Below find email I received from Franklin Knight on his thoughts on Calabar arising from a recent visit in January.
(I can't say Prof Franklin Knight as Orville has told me that titles are not be used on this forum. So instead I will describe Franklin as the Leonard and Helen R. Stulman Professor of History at Johns Hopkins University. Franklin was the Deputy Headboy at Calabar in 1960. I did say to Orville that I will use titles in fundraising solicitation emails but this email does not qualify as such.)
In my opinion, Franklin raises issues that require urgent attention and action. In particular, one urgent matter is the planning for the 100th anniversary celebrations in 2012
One clarification on the status of the Oasis Project. The well has been sum to a depth of 300 feet into an ample supply of water. A pump has been procured and installed. Negotiations with JPS on providing electricity for the pump was fell through because of the excessive charges that they were demanding. Instead negotiations are being pursued with a communications carrier (with a cell site on the Calabar campus) for a more economical source of electricity for the pump. The Oasis Project Committee had long decided to hold the public announcement of the Oasis Project with water flowing from the well in the background. This is expected in the near future.
Along with Winston Davis I visited Calabar on January 14th. We walked around the compound with two of the assistant principals (also old boys) and spoke with a few teachers. It was overwhelming to return to a school that now has almost 2000 students and has expanded so much physically as well as demographically, and I doubt very much that the numbers can be sustained without serious jeopardy to the high quality of education for which the school is noted. Having said that however, and with thoughts on some important projects to commemorate the centenary of its founding, these are the notes from my short visit.
1.The well has not been finished and so serves no present purpose. Yet it is apparent that completing the well and the requisite piping around the campus would enable the restoration of the ground that now look more like a desert than playing fields and green open spaces. This should be immediately undertaken without waiting for 2012.
2.The entrance and roadways need urgent attention. I would suggest a new single entrance/exit between the present entrance and exit and construct a one-way circular road around the campus. The road should be properly drained and enhanced with ornamental and fruit trees along its length.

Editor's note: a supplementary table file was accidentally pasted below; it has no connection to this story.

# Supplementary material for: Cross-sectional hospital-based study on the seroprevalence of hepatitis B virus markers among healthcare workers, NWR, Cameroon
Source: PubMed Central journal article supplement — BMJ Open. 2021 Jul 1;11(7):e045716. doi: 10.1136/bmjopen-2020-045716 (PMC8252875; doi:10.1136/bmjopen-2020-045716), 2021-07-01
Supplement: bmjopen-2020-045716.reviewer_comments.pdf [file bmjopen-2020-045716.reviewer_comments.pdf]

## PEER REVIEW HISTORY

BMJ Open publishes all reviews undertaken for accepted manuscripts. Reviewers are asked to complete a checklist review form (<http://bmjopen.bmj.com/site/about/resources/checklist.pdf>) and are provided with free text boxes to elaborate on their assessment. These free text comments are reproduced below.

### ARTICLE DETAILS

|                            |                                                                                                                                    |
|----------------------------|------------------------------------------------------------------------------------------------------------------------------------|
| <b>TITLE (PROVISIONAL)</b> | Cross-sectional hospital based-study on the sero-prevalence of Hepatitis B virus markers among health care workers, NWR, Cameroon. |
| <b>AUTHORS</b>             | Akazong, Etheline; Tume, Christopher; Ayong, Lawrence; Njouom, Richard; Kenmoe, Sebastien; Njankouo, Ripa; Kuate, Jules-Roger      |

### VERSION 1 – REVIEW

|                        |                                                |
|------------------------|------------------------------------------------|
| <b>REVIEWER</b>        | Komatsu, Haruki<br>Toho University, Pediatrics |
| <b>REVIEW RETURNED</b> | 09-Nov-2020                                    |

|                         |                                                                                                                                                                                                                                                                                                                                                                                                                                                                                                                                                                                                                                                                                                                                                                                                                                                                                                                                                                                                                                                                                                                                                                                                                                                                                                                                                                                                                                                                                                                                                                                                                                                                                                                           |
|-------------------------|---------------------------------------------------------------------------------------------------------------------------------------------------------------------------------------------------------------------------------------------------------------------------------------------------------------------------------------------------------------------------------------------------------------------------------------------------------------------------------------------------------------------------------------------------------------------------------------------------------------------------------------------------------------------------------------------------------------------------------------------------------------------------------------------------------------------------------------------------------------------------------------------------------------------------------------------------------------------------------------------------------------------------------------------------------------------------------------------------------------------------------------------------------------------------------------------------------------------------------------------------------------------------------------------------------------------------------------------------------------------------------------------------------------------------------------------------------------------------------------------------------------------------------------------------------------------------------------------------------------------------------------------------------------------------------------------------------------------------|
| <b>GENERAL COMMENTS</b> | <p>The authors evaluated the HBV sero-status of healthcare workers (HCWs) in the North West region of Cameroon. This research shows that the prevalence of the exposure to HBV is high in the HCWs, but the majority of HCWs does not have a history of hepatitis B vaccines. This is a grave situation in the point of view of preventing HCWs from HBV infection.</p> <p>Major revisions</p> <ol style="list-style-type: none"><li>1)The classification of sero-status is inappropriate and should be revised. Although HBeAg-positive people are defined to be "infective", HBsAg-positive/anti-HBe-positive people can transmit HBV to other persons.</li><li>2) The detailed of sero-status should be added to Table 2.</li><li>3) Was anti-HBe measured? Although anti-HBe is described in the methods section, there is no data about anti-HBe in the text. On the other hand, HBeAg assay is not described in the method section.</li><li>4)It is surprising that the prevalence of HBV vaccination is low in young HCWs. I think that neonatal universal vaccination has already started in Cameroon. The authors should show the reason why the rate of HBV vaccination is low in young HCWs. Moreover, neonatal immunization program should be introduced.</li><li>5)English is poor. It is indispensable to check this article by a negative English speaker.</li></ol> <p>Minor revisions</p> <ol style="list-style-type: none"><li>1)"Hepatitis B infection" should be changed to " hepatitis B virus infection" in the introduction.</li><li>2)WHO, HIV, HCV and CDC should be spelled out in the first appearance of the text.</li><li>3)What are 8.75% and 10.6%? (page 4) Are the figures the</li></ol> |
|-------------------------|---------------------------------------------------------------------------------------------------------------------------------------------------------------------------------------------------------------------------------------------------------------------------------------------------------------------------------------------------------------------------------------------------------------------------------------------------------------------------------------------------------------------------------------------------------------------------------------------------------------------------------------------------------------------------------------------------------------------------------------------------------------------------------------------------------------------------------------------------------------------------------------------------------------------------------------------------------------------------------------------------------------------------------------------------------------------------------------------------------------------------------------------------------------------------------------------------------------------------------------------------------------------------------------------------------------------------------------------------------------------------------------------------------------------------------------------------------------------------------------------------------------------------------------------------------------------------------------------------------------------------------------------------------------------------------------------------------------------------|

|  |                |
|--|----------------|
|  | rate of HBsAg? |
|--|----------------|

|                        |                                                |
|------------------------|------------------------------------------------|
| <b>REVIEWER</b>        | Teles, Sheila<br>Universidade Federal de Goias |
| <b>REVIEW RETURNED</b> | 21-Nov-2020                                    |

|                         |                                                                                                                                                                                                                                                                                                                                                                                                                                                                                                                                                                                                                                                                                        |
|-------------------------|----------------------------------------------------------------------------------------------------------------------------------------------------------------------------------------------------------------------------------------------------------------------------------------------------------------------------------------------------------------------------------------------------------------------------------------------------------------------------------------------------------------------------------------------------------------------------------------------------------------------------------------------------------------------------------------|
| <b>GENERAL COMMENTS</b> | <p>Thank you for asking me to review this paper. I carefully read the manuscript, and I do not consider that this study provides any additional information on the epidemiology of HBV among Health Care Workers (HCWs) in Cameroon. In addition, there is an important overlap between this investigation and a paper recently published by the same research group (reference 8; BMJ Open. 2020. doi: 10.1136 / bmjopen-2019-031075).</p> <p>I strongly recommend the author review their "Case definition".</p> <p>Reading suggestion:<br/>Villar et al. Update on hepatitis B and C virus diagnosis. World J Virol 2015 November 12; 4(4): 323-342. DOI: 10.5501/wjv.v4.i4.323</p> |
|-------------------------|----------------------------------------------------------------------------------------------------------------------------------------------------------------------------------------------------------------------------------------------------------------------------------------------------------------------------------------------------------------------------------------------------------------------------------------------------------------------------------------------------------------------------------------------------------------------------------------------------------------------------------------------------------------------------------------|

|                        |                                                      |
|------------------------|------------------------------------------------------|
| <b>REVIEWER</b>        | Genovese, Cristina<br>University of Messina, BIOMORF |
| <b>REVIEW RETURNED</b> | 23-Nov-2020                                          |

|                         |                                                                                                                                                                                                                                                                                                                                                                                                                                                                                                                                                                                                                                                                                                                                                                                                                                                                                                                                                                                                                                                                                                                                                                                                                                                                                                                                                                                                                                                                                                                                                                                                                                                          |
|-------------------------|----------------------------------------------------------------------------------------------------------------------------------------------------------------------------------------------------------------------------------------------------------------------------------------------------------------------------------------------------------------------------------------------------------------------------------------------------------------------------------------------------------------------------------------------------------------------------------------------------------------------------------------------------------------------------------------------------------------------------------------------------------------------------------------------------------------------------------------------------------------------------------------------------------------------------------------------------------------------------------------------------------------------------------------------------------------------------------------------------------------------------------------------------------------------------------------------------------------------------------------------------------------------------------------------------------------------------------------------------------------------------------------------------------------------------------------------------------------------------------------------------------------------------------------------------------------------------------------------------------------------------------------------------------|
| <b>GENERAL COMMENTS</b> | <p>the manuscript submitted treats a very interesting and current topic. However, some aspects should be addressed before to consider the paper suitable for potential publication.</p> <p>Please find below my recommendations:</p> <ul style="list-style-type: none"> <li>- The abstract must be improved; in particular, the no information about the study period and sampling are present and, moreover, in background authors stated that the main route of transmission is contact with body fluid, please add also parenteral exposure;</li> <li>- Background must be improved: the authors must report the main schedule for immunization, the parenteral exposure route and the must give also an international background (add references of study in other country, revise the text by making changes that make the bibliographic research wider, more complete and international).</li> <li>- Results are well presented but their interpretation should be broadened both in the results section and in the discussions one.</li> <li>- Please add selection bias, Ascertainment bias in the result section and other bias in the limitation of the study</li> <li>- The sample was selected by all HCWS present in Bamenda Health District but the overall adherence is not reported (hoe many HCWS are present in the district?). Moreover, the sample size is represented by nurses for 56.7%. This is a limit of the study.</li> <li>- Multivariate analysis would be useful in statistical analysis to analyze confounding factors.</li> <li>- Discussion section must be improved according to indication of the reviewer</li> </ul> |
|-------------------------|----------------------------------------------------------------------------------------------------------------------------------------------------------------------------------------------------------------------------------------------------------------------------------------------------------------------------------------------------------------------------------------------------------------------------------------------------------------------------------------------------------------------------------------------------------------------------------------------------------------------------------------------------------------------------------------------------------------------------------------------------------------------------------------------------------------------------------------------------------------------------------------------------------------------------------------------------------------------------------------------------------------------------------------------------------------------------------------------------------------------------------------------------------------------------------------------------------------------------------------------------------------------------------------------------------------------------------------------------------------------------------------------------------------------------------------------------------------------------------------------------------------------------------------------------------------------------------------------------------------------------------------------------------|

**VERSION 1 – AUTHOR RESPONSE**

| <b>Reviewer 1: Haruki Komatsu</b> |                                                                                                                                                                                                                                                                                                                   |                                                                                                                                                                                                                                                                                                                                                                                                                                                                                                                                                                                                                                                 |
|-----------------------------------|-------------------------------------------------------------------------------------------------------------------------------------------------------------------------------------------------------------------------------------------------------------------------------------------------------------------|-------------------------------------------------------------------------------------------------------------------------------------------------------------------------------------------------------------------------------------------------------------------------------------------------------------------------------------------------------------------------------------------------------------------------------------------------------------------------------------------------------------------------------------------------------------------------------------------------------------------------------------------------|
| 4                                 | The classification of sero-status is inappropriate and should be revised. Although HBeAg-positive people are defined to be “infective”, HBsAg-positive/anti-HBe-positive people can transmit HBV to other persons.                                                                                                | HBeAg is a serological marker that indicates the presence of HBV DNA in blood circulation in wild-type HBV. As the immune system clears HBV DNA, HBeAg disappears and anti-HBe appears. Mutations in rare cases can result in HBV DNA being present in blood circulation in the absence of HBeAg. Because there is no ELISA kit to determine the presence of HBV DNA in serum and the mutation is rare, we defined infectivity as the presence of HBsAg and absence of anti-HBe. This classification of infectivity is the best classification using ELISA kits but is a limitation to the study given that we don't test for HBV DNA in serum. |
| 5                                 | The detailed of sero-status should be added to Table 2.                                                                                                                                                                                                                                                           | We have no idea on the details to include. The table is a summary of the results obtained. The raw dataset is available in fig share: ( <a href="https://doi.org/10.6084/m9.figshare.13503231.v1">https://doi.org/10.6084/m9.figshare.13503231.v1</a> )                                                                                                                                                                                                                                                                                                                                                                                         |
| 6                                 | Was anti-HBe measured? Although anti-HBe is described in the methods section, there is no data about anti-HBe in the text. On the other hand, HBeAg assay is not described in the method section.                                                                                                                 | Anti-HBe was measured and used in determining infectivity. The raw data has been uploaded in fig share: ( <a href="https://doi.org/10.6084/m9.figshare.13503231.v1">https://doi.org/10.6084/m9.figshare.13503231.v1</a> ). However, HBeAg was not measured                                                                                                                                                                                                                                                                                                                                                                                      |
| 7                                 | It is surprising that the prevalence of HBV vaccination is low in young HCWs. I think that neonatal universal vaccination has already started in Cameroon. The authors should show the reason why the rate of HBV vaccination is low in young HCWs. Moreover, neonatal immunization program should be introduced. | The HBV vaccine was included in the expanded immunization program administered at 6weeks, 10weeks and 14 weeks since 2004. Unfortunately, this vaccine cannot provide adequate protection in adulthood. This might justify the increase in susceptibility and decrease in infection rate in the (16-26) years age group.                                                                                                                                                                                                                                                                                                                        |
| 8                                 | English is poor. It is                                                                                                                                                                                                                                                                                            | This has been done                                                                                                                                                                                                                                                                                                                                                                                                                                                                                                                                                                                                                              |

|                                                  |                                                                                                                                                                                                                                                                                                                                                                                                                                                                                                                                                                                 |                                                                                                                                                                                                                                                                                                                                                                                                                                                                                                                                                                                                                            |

3.The swimming pool, now encased in rusting barbed wire is a sorry and doleful sight. Restoring and expanding the swimming pool with the capacity to serve the neighborhood could be a significant contribution to the school, to the community, and to the country.
4.The compound could use a central high-rise or tower for the library as well as for bringing together all the various administrative offices of the upper, middle and lower schools. This should be a state-of-the-art, entirely green building that should be hurricane- flood- fire- and earthquake resistant, and have enough solar panels to produce electricity for the entire school and generate enough drinking water for all the needs of the whole school. I know a firm that makes such buildings, and what is more, is presently working in Jamaica. The idea is not as expensive as it seems and pays for itself in a very short time.
5.Finally, I think that serious thought should be given to restoring a boarding school. This should start with about 200 students and gradually build until about one-third of the school is comprised of boarders. I need not go into the advantages for the school and the country of a boarding school, but it would return Calabar to its traditional roots.
Time ran out before we could visit the music room. The buildings and grounds certainly need maintenance but given the heavy usage, are presently not in bad condition. If the old boys are to do something special for 2012 then we should all begin to think seriously of ways in which we can initiate planning. Three years is not a long time to plan for such a significant event.
Let me hear what you think of my observations. I am ready to help.
Franklin W. Knight
Leonard and Helen R. Stulman Professor of History
Department of History
Johns Hopkins University